In addition to allergies and infections, certain people are born with or develop this condition without cause, whereby certain circumstances can cause nasal blood vessels to expand, leading to vasomotor rhinitis. The most common causes are changes in the weather, barometric pressure and/or temperature. Many people have a “runny” nose in cold weather and nasal congestion when it’s about to rain.
Other conditions include psychological stress, inadequate thyroid function, pregnancy, certain anti-high blood pressure drugs, prolonged overuse of decongesting nasal sprays, and exposure to irritants such as perfumes and tobacco smoke.
In the early stages of these disorders, nasal stuffiness is temporary and reversible. It usually improves when the primary cause is corrected. However, if the condition persists, the blood vessels lose their capacity to constrict, much like varicose veins. When the patient lies down on one side, the lower side becomes congested, which often can interfere with sleep.
It is helpful to sleep with the head of the bed elevated two to four inches.
This chronic turbinate enlargement can easily be corrected by a simple, painless, in office procedure called radiofrequency turbinate reduction. This option can provide dramatic and permanent relief.
Are there any risks when treating congestion?
Patients who get sleepy from antihistamines should not drive an automobile or operate dangerous equipment after taking them. Decongestants increase pulse rate and elevate blood pressure and therefore should be avoided by those with high blood pressure, irregular heart beat, glaucoma or difficulty urinating.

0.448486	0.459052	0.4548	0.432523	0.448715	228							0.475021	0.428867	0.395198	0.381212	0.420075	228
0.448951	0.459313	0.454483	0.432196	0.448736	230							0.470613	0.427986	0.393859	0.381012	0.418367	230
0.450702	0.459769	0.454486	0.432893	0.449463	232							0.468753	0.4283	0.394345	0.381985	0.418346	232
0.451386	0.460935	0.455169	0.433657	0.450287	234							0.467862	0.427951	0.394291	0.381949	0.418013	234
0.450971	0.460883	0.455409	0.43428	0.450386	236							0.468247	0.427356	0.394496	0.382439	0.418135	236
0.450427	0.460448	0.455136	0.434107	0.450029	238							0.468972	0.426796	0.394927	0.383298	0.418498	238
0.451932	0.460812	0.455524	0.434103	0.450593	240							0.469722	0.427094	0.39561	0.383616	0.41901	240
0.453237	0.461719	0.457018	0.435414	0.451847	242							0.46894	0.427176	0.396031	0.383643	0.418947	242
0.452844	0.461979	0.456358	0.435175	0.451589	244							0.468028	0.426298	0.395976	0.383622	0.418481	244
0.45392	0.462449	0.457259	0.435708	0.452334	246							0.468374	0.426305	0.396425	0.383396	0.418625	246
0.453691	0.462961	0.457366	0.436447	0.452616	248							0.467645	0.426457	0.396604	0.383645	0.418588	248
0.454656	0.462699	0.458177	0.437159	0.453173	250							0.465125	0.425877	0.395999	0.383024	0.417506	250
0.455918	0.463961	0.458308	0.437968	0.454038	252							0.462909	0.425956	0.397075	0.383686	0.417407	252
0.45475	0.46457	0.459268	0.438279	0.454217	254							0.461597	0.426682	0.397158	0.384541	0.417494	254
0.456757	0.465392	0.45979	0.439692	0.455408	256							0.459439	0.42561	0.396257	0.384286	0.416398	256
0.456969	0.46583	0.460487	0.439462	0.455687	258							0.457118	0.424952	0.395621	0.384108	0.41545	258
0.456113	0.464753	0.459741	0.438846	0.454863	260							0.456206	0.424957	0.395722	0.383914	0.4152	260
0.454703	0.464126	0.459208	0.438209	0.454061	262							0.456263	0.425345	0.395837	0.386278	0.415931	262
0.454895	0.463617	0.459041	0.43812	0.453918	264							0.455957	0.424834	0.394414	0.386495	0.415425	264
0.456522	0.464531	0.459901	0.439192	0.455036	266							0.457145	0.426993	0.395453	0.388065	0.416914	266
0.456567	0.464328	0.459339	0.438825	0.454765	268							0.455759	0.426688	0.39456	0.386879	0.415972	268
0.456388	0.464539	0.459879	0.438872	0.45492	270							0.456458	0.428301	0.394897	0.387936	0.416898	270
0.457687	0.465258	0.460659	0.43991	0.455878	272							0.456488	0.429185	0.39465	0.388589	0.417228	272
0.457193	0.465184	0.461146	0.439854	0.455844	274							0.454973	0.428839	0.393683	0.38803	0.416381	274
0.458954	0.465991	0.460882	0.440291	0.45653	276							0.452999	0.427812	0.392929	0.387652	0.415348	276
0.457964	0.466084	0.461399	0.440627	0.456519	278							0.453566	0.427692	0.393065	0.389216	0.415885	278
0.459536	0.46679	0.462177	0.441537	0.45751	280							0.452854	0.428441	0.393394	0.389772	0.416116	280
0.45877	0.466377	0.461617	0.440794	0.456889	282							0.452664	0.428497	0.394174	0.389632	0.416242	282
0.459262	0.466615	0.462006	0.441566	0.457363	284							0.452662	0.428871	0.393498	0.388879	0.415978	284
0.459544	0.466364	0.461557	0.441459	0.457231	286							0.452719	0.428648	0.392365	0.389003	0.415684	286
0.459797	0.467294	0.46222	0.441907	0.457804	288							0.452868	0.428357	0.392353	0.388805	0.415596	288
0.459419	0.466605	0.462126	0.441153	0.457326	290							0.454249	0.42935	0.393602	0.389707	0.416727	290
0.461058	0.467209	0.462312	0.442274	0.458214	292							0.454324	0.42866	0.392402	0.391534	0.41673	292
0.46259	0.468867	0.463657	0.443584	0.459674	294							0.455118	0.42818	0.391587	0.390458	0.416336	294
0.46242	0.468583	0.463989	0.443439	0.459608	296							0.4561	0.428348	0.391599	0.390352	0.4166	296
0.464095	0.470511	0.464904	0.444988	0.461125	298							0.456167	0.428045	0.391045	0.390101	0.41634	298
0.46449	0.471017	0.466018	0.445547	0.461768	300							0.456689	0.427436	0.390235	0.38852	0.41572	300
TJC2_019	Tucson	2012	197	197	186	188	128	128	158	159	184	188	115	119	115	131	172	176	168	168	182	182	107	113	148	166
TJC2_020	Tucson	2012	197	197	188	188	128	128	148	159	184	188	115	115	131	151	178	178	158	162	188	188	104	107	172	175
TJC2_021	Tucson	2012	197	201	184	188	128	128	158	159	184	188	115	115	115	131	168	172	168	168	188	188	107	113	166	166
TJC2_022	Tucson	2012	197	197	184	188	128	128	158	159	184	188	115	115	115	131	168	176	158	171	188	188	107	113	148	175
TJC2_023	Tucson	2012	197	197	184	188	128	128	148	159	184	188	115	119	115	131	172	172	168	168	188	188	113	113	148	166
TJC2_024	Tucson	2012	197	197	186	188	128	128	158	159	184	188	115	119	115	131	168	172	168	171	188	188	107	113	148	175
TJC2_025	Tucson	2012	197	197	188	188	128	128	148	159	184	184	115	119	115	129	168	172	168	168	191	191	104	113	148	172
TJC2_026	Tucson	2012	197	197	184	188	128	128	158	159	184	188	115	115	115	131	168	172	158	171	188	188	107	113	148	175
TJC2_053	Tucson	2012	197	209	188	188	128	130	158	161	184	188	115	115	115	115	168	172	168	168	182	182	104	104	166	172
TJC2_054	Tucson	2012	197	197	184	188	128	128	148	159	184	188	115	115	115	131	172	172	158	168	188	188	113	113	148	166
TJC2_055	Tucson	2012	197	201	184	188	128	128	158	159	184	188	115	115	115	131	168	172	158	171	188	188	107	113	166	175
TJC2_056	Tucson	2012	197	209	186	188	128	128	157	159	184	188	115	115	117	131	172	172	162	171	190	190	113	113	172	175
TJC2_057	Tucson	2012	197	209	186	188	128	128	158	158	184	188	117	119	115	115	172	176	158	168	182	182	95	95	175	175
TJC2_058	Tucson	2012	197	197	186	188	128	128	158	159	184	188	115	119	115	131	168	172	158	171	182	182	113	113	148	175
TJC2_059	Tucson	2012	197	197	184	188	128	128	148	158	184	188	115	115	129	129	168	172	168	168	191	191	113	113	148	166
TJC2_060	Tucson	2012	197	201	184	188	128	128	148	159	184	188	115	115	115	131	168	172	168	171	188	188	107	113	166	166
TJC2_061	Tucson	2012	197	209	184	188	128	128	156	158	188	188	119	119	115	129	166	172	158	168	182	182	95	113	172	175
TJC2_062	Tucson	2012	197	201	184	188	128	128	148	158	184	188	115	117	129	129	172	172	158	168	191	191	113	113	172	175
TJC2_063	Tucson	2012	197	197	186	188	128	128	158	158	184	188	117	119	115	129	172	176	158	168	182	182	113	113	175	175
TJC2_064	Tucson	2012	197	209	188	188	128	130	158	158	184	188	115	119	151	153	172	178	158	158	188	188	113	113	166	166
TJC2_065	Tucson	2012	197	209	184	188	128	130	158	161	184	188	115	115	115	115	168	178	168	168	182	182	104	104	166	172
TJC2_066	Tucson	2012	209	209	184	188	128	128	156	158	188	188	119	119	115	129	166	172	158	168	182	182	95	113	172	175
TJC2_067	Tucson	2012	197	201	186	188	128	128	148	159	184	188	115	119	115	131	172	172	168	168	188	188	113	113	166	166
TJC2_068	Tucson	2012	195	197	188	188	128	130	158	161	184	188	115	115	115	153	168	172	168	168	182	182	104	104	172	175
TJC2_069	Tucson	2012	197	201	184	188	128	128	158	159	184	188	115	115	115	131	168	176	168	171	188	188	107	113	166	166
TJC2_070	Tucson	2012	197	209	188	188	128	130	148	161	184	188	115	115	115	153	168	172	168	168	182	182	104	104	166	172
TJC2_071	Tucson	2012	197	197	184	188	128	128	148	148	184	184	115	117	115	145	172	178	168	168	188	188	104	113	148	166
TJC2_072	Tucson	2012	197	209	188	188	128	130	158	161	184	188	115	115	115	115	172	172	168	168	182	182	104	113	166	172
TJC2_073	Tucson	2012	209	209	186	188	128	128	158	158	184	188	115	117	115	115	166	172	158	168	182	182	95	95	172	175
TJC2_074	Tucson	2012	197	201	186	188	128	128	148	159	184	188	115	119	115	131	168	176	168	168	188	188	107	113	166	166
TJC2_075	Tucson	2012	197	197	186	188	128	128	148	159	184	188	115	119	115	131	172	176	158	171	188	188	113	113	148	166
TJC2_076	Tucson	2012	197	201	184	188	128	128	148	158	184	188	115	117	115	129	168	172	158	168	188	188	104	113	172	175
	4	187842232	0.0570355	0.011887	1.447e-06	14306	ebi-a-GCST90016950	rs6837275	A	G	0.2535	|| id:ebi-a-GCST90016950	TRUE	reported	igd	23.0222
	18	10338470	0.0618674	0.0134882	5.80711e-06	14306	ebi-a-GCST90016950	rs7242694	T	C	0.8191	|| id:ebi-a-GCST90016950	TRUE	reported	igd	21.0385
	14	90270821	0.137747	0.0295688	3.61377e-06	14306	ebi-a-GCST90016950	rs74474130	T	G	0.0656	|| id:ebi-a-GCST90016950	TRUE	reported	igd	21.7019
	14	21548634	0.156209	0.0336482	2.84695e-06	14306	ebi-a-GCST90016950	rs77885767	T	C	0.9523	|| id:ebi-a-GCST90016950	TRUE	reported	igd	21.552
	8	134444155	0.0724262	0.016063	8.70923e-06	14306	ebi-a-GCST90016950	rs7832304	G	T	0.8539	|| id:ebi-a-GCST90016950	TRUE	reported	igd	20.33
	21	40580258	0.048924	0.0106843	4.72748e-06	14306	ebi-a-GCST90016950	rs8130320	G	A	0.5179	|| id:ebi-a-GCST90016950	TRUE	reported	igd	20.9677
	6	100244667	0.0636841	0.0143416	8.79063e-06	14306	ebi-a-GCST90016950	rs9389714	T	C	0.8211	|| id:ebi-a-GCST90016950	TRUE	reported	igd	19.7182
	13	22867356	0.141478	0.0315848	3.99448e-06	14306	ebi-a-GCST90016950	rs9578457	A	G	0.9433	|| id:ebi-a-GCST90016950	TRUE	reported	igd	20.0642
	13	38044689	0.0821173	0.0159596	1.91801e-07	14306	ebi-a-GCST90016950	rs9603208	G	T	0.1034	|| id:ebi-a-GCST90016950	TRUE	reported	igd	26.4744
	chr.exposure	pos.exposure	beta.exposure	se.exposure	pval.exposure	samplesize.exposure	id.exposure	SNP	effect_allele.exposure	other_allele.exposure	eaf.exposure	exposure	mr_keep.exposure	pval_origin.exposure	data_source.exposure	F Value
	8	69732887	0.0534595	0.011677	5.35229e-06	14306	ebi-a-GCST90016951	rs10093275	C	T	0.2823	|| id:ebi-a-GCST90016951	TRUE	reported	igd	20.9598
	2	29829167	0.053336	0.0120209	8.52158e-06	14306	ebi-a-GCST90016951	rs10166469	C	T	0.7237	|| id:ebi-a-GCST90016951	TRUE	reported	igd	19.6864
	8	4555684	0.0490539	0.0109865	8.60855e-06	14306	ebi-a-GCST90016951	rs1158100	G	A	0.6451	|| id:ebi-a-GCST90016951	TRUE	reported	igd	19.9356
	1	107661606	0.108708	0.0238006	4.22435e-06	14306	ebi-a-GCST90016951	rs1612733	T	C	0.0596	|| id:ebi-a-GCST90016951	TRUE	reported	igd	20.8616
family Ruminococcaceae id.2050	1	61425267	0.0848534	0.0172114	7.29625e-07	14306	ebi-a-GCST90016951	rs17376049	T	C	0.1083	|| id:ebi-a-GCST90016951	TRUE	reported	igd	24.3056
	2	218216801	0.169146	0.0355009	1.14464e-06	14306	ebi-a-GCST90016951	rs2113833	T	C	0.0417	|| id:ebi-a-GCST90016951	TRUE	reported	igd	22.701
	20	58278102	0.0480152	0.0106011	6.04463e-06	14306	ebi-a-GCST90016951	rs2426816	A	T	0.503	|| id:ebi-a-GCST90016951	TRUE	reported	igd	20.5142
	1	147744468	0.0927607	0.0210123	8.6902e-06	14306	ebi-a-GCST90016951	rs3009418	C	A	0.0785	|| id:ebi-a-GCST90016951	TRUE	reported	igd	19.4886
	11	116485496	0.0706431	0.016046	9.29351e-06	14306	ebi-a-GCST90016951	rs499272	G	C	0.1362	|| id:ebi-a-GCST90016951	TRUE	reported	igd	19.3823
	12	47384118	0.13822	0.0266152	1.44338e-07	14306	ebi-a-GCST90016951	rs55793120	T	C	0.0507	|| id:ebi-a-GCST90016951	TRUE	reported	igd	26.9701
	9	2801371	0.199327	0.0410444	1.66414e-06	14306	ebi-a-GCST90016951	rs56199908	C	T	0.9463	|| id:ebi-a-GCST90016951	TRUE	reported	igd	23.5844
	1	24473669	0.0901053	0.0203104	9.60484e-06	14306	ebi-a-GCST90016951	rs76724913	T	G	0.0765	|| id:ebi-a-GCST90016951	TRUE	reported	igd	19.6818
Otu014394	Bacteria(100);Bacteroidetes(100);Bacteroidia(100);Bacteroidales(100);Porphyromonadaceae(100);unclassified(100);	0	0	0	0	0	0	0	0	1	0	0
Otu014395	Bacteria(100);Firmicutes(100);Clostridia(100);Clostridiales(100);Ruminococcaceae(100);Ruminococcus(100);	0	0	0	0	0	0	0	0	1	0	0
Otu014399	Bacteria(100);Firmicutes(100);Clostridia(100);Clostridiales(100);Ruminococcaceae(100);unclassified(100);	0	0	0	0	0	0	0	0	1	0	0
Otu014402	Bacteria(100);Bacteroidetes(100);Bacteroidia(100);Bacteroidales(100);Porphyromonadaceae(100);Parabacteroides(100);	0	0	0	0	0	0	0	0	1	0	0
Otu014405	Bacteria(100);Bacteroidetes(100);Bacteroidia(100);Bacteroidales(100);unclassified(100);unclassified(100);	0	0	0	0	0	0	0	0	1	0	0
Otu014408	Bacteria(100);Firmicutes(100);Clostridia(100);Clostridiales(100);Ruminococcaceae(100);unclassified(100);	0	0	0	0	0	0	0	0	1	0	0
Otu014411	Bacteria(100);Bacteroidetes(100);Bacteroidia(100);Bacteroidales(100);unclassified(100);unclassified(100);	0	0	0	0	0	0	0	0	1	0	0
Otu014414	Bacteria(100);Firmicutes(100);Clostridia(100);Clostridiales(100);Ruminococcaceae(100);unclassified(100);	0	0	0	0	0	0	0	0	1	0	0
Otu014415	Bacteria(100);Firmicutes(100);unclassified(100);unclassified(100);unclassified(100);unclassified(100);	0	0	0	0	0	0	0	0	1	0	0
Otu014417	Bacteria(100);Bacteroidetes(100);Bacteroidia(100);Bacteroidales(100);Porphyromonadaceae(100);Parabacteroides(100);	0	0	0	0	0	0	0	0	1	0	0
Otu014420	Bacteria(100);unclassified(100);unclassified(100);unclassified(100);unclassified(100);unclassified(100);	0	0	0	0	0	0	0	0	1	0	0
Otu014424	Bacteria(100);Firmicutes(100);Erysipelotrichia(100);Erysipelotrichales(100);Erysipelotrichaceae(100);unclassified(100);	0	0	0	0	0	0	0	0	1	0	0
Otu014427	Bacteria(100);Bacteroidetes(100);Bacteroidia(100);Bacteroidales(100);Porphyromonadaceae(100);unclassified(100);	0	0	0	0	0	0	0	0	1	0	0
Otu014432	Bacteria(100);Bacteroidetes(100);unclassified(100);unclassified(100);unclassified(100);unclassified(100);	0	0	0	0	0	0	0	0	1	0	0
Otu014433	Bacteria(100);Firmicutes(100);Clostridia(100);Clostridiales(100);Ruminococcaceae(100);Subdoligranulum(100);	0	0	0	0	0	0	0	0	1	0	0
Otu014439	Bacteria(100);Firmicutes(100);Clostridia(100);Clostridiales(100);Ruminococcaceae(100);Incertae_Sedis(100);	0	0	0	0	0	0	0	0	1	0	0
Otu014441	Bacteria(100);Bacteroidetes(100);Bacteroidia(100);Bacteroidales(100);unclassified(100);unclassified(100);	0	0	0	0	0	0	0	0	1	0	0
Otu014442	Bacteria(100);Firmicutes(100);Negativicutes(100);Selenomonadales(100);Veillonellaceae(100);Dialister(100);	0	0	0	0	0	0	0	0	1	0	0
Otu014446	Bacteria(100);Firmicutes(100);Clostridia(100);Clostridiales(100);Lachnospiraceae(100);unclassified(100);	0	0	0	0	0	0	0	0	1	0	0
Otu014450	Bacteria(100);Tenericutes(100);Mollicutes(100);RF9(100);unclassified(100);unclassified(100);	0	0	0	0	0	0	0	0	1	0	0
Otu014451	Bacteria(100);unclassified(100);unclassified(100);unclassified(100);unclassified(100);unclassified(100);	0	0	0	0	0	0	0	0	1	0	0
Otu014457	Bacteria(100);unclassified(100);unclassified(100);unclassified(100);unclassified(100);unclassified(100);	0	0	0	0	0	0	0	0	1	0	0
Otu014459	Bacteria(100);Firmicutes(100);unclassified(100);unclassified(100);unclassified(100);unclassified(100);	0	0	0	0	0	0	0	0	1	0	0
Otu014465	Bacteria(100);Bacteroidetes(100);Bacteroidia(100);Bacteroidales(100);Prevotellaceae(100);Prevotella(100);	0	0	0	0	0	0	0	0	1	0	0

Pregnant patients should consult their obstetricians before taking any medicine.
Cortisone is a powerful anti-inflammatory and decongestant. The use of steroid nasal sprays minimize the risk of serious side effects associated with other dosage forms. Patients using steroid nasal sprays should follow instructions carefully, and consult a physician immediately if they develop nasal bleeding, crusting, pain or vision changes.
Stuffy nose is one symptom caused by a remarkable array of different disorders, and San Francisco ENT and Allergy, with its unique approach and special interest in to managing nasal disorders, offers the appropriate treatment(s) based on the specific causes.
The glands in your nose and throat continually produce mucus (1 to 2 quarts a day). It moistens and cleans the nasal membranes, humidifies air, traps and clears inhaled foreign matter, and fights infection.
Although mucus normally is swallowed unconsciously, the feeling that it is accumulating in the throat or dripping from the back of your nose is called post-nasal drip.
This feeling can be caused by excessive or thick secretions or by throat muscle and swallowing disorders.
What Caused Abnormal Secretions – Thin & Thick
Increased thin clear secretions can be due to colds and flu, allergies, cold temperatures, bright lights, certain foods/spices, pregnancy, and other hormonal changes. Various drugs (including birth control pills and high blood pressure medications), and structural abnormalities can also produce increased secretions. These abnormalities might include a deviated or irregular nasal septum or turbinate enlargement.